Other winter finches include the Brambling – the Scandinavian and central European cousin of the Chaffinch (think of a Chaffinch repainted in Autumnal orange shades); or the Siskin, a miniature Greenfinch with added yellows and blacks, a real scarcity for most gardens, unfortunately, but in some years and in some parts of the country (such as the southeast) a top 20 bird. Neither of these have quite made it into my own garden, though the incomparable bullfinch is always welcome in spring, even when it does feast on apple blossom. Occasionally it puts in a winter appearance too when times are tough; almost always in pairs: the vivid rouge male followed closely to the feeder by the drabber female.

Marsh tit by Bob Carpenter
 Other common visitors are Blue and Great Tits, two species with stunning plumages better suited to a tropical rainforest, a fact it's easy to forget given their familiarity. Less frequent is the Coal Tit, though most people (particularly those with conifers in close proximity to their garden) will manage to attract in this miniscule black-capped gem with a little persistence (and a lot of seed). More unusual still is the Marsh Tit, slightly larger and plainer than the Coal Tit and lacking its white central crown stripe. Its near-identical relative, the Willow Tit, is a theoretical possibility depending on geography, but Willow Tits are declining at an alarming rate across the country, making Marsh Tit the default identification choice (to be really sure listen out for the Marsh Tit's double-barrelled 'pitchou' call, rather than the buzzing scolding of the Willow – good luck with getting the birds to call when you want them to though).

What else could drop in? Well the list is long and varied... Green Woodpeckers, as mentioned earlier (Bagpuss's Professor Yaffle) are an increasingly common garden visitor, as of course are Great Spotteds – though the Lesser Spotted Woodpecker, the sparrow-sized equivalent of the Great, is another species suffering a worrying nationwide decline and a very unlikely garden visitor to all but a privileged few...

10 more garden greats

Goldcrest, by Mali Halls
Goldcrest – the UK's smallest bird. Easily overlooked but always possible, particularly where conifers are present.

Treecreeper by Liz Dack
Treecreeper – another easy-to-miss bird due to its cryptic plumage and unobtrusive habits. It won't come to feeders, you'll have to keep watching those tree trunks...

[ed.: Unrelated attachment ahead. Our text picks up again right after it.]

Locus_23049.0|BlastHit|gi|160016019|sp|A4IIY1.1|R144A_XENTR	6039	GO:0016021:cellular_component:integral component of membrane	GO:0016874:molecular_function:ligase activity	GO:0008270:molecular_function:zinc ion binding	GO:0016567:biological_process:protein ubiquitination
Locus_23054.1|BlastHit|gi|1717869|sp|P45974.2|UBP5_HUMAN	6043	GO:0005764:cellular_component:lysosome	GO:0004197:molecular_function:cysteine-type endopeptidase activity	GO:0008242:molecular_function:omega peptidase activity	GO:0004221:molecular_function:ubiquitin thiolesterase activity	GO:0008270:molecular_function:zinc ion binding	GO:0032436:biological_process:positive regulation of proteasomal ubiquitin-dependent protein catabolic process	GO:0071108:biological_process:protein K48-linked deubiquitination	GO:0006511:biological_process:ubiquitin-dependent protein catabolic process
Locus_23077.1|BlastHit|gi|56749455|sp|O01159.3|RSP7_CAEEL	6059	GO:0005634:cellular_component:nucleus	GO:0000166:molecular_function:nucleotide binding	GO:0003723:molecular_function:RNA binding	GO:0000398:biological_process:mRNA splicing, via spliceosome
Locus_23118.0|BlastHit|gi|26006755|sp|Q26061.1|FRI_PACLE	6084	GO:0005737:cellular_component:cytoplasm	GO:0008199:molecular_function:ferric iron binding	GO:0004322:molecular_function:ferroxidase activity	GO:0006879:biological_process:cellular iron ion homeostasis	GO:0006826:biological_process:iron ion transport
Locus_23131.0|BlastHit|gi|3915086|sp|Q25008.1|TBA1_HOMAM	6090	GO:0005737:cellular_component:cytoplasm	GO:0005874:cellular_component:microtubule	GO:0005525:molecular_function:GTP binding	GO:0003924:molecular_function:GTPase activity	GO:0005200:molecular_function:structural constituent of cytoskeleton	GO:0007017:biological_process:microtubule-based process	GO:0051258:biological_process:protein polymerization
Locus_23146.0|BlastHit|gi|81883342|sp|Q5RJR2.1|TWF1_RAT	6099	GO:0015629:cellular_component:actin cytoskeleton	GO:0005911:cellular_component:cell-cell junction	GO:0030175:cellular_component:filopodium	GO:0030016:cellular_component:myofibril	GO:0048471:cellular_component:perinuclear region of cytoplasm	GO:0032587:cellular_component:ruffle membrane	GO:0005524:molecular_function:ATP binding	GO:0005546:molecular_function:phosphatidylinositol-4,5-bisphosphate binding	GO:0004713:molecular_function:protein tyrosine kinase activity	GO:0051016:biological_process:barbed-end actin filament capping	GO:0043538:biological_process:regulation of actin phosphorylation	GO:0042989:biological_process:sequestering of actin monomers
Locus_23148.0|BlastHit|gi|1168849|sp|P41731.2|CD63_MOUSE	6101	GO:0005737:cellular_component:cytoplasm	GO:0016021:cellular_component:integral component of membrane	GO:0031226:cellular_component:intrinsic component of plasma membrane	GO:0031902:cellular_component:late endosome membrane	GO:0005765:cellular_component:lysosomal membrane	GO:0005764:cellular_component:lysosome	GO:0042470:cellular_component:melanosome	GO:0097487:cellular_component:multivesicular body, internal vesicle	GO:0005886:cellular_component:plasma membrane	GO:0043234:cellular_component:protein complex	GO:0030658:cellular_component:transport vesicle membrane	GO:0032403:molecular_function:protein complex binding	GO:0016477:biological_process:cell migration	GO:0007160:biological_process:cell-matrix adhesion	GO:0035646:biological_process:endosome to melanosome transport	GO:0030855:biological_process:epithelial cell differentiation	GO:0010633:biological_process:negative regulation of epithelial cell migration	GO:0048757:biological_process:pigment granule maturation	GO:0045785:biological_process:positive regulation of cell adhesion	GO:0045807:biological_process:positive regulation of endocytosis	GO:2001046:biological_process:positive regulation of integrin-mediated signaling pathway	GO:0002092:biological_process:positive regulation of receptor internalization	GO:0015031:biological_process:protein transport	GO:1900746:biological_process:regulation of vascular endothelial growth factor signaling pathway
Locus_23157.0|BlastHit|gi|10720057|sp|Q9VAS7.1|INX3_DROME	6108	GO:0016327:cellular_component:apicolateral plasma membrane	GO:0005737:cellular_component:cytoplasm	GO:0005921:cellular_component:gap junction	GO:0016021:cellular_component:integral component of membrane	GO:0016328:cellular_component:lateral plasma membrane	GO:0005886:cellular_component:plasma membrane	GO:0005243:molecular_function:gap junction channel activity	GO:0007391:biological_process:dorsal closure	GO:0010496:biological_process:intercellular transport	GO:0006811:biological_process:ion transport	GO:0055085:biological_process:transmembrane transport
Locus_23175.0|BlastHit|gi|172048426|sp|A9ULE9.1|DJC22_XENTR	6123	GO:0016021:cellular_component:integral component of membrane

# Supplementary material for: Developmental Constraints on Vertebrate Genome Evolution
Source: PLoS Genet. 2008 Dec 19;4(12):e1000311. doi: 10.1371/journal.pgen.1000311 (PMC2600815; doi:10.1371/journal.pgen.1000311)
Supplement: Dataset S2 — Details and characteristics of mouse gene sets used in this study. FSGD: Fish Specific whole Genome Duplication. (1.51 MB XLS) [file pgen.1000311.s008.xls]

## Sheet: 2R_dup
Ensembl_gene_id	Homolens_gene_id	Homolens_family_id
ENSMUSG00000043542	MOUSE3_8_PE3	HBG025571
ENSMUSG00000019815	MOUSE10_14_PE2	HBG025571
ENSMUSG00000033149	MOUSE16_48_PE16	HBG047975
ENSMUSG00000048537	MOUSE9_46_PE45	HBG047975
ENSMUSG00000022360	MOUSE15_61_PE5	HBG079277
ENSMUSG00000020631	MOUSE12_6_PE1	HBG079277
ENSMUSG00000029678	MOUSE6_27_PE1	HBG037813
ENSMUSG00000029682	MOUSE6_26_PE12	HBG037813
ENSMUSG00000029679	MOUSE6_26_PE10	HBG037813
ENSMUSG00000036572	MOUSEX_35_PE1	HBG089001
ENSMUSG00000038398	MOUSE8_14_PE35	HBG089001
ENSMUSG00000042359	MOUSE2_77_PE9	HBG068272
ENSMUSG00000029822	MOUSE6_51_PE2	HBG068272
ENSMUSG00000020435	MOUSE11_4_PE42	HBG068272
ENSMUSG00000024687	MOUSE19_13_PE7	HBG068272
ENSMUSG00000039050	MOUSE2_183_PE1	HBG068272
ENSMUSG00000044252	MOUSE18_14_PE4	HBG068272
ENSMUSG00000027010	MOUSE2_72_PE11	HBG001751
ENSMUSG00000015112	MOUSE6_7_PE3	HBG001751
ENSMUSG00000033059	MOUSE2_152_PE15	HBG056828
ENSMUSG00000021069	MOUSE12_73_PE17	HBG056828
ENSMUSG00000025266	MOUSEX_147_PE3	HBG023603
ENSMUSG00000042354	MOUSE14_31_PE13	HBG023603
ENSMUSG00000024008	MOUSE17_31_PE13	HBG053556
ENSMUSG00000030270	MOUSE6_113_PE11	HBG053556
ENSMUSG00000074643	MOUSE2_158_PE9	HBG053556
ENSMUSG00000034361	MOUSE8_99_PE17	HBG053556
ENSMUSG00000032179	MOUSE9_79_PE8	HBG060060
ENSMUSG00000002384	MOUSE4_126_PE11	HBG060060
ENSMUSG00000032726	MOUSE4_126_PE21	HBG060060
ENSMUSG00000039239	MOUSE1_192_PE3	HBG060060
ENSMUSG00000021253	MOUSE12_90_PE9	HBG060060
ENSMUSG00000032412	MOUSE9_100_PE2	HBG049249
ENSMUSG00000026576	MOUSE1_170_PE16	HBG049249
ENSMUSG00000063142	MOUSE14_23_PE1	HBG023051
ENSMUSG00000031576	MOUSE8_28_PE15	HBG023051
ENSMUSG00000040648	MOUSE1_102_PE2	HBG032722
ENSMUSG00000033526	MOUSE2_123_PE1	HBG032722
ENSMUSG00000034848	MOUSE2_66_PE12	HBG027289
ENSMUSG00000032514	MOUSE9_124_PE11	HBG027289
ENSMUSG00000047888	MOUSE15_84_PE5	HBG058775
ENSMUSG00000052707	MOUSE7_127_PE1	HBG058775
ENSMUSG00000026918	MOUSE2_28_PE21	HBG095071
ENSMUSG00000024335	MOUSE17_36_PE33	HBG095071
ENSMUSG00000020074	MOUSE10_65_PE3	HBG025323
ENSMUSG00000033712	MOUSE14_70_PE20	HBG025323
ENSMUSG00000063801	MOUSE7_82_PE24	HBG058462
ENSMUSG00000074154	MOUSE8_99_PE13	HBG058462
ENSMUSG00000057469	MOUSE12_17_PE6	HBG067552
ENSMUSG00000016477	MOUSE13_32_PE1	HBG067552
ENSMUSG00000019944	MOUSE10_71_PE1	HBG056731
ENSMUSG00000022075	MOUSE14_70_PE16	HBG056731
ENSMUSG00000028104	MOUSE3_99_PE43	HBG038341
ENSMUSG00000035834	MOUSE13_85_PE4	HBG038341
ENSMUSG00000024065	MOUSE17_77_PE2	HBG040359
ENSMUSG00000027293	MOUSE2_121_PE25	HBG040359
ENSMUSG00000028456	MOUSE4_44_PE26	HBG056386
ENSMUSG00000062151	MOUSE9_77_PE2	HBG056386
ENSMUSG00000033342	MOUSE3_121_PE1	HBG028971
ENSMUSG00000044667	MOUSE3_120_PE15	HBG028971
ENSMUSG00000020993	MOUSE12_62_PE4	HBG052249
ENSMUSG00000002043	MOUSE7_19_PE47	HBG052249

Jay by Liz Dack
 Jay – a loud and raucous member of the crow family. Unmistakeable and often very obvious in the autumn and early winter when they're busy retrieving cached stores of acorns from lawns.

Redwing by Robert Powell
Redwing– cold winter weather is always likely to bring this pretty Scandinavian thrush into urban areas. Plant berry bushes and look out for the distinctive cream stripe above the eye and rather less obvious dab of orange-red on the side of its breast.

Fieldfare by Duncan Macnab
Fieldfare – another Scandinavian thrush. Bigger and darker than a Redwing, with lots of grey in its plumage. Loves windfall apples.

Tawny owl by Julian Thomas
Tawny Owl – by far the most likely owl to occur in gardens, though really you need mature trees nearby. Truly nocturnal and far more likely to be heard than seen: listen out for the familiar 'tu-whit, tu-whoo', as well as the more-commonly given 'ke-wick'.  

Blackcap by Ray Jones
Blackcap – a summer migrant that now winters in increasing numbers. Males have the black cap, though it's chestnut-brown in the female.

Pheasant by Liz Dack
Pheasant – a familiar bird of farmland which increasingly visit gardens, particularly those on the edge of rural areas. Embrace their vast appetite for ground-strewn seed and admire the male's stupendous plumage.

Grey wagtail by Julian Thomas
Grey Wagtail – a wild card this one, I could have equally have chosen the black and white Pied Wagtail. Just remember: any wagtail in your garden in winter that has a dash of yellow in its plumage is a Grey Wagtail. Common bird names can be so misleading...

Waxwings by Colin Coupland
Waxwing – the holy grail for garden birdwatchers. Varies enormously in numbers as a UK visitor from one year to the next (depending on the state of its food supply in Europe): some years there's a glut, some virtually none. To have any chance of getting one in your garden get planting berry trees – Guelder Roses always seem to prove very popular with these wavy-crested visitors.